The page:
Few are the areas of the earth that do not boast some indigenous fruit with its own qualities of flavor and texture that endears it to its own people, and leads to its dissemination over wide areas to quicken by variety the stale palates of millions outside. The northern latitudes in general have a paucity of fruit species. The rigors of winter are even harder for fruits to endure than the parched horizons of the desert. Nevertheless, Massachusetts has its cranberries, and Maine its blueberries. If New England is to have the handicap of acid soils, then surely it is entitled to the acid-loving fruits that go with them. Neither of these fruits is peculiar to New England, but nowhere else has the commercial growing of cranberries been developed so extensively as in the bogs of the Cape Cod region; and until recently only in southeastern Maine did blueberry production reach the magnitude of a canning crop.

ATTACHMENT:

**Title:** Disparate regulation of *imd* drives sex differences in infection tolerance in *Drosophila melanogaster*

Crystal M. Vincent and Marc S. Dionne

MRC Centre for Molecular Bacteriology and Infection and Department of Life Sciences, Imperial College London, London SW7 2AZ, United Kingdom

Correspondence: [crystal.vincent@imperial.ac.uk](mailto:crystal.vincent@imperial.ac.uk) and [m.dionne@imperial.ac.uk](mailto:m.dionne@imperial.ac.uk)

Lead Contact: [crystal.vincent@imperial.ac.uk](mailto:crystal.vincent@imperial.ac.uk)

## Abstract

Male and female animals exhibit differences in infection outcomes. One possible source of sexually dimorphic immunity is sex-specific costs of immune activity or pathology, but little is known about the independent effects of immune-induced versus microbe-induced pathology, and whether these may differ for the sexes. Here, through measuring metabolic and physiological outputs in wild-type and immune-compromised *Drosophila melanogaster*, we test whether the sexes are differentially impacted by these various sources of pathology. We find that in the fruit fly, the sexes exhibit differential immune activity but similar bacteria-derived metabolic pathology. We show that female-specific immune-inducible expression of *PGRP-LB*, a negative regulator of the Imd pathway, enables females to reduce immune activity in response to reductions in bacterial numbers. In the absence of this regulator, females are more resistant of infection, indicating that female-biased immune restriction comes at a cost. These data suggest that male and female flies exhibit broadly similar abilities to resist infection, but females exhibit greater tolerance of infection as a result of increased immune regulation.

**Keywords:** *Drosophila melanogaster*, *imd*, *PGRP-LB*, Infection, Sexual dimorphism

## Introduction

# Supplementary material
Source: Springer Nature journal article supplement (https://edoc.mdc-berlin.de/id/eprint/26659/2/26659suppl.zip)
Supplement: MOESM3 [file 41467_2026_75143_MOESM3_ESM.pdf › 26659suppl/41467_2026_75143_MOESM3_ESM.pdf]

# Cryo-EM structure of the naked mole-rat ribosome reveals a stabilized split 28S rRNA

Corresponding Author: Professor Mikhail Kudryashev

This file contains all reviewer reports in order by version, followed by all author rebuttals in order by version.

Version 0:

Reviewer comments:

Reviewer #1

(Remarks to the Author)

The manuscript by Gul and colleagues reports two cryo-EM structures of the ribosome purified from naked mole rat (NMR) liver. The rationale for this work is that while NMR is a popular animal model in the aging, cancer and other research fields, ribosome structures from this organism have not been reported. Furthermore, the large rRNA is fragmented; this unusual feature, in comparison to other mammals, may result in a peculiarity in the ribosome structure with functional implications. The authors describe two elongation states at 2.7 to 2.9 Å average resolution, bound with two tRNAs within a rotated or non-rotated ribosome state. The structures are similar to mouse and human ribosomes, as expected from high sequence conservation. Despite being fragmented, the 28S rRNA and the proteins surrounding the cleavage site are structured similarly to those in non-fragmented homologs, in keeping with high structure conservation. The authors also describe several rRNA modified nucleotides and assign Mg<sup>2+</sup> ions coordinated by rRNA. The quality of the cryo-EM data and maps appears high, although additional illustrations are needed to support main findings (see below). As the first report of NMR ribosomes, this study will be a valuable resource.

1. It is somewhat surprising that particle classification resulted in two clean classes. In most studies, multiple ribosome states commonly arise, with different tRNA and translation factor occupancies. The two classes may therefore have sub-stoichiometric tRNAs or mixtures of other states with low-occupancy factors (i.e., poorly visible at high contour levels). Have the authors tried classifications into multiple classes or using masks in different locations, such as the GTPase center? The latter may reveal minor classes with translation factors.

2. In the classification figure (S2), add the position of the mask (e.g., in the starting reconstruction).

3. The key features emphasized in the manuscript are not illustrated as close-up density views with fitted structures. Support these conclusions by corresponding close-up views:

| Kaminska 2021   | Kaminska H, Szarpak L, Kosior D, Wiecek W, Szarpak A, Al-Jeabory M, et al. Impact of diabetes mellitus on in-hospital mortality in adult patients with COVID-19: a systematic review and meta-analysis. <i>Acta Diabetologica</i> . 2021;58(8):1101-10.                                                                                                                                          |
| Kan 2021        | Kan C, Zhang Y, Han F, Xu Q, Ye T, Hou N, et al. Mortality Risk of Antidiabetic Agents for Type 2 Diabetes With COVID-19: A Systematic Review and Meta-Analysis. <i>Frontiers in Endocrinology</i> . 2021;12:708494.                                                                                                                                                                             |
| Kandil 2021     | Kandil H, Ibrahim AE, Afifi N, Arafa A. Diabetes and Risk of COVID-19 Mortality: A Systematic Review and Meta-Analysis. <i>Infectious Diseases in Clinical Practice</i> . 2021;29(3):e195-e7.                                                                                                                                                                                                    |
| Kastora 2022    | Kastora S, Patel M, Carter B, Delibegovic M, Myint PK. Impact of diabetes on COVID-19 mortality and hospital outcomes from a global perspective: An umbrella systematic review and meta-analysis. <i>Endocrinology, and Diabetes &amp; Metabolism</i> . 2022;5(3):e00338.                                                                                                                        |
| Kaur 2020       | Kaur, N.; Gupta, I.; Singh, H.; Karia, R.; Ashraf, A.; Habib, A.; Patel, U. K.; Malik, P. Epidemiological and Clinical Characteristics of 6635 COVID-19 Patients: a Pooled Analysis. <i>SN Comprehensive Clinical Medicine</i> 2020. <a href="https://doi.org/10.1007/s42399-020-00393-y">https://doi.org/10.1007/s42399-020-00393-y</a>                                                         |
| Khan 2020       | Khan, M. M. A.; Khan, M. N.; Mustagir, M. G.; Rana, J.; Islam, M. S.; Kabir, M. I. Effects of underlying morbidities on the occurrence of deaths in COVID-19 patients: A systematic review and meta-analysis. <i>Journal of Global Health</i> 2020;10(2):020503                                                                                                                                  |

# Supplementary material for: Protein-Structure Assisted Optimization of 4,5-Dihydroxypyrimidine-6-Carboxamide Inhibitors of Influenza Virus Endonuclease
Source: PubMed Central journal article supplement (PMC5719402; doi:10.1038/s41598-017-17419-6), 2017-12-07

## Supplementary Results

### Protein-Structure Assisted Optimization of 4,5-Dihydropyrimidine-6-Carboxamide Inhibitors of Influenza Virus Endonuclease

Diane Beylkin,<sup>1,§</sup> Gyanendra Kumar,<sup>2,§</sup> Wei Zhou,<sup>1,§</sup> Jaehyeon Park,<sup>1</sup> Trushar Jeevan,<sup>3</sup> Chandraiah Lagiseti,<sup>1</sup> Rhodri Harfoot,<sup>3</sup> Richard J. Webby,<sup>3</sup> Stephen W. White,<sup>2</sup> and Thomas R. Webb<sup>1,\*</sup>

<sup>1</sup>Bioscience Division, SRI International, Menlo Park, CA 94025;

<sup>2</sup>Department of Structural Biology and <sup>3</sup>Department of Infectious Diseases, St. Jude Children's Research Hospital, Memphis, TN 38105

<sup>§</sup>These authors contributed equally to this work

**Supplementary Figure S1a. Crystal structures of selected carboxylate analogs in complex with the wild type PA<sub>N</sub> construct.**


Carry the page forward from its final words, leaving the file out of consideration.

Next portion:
New England, however, is not limited to these idiosyncratic fruits. As a matter of fact, the winters on the coastal lowland are mild enough, and the springs delayed enough, so that nearly all the small fruits can be produced, and the orchards may include peaches, pears, and the sweet types of cherry. A winter comes along now and then, however, when severe cold may swoop down from Canada and deal harshly with the peaches, and at rarer intervals -- as in the winter of 1933-34 -- with even as standard a variety of apples as the Baldwin, in orchards planted on the uplands.
If orchard fruits are not so widely dispersed on the farms of New England as formerly, the reasons are mostly not to be found in the climate. Neither are they to be found in the soils; if the trees are well tended they attain an age and girth that one does not generally find in the Midwest. Instead, in New England as elsewhere, the battle with the diseases and pests that afflict most fruits is coming more and more to be an assignment for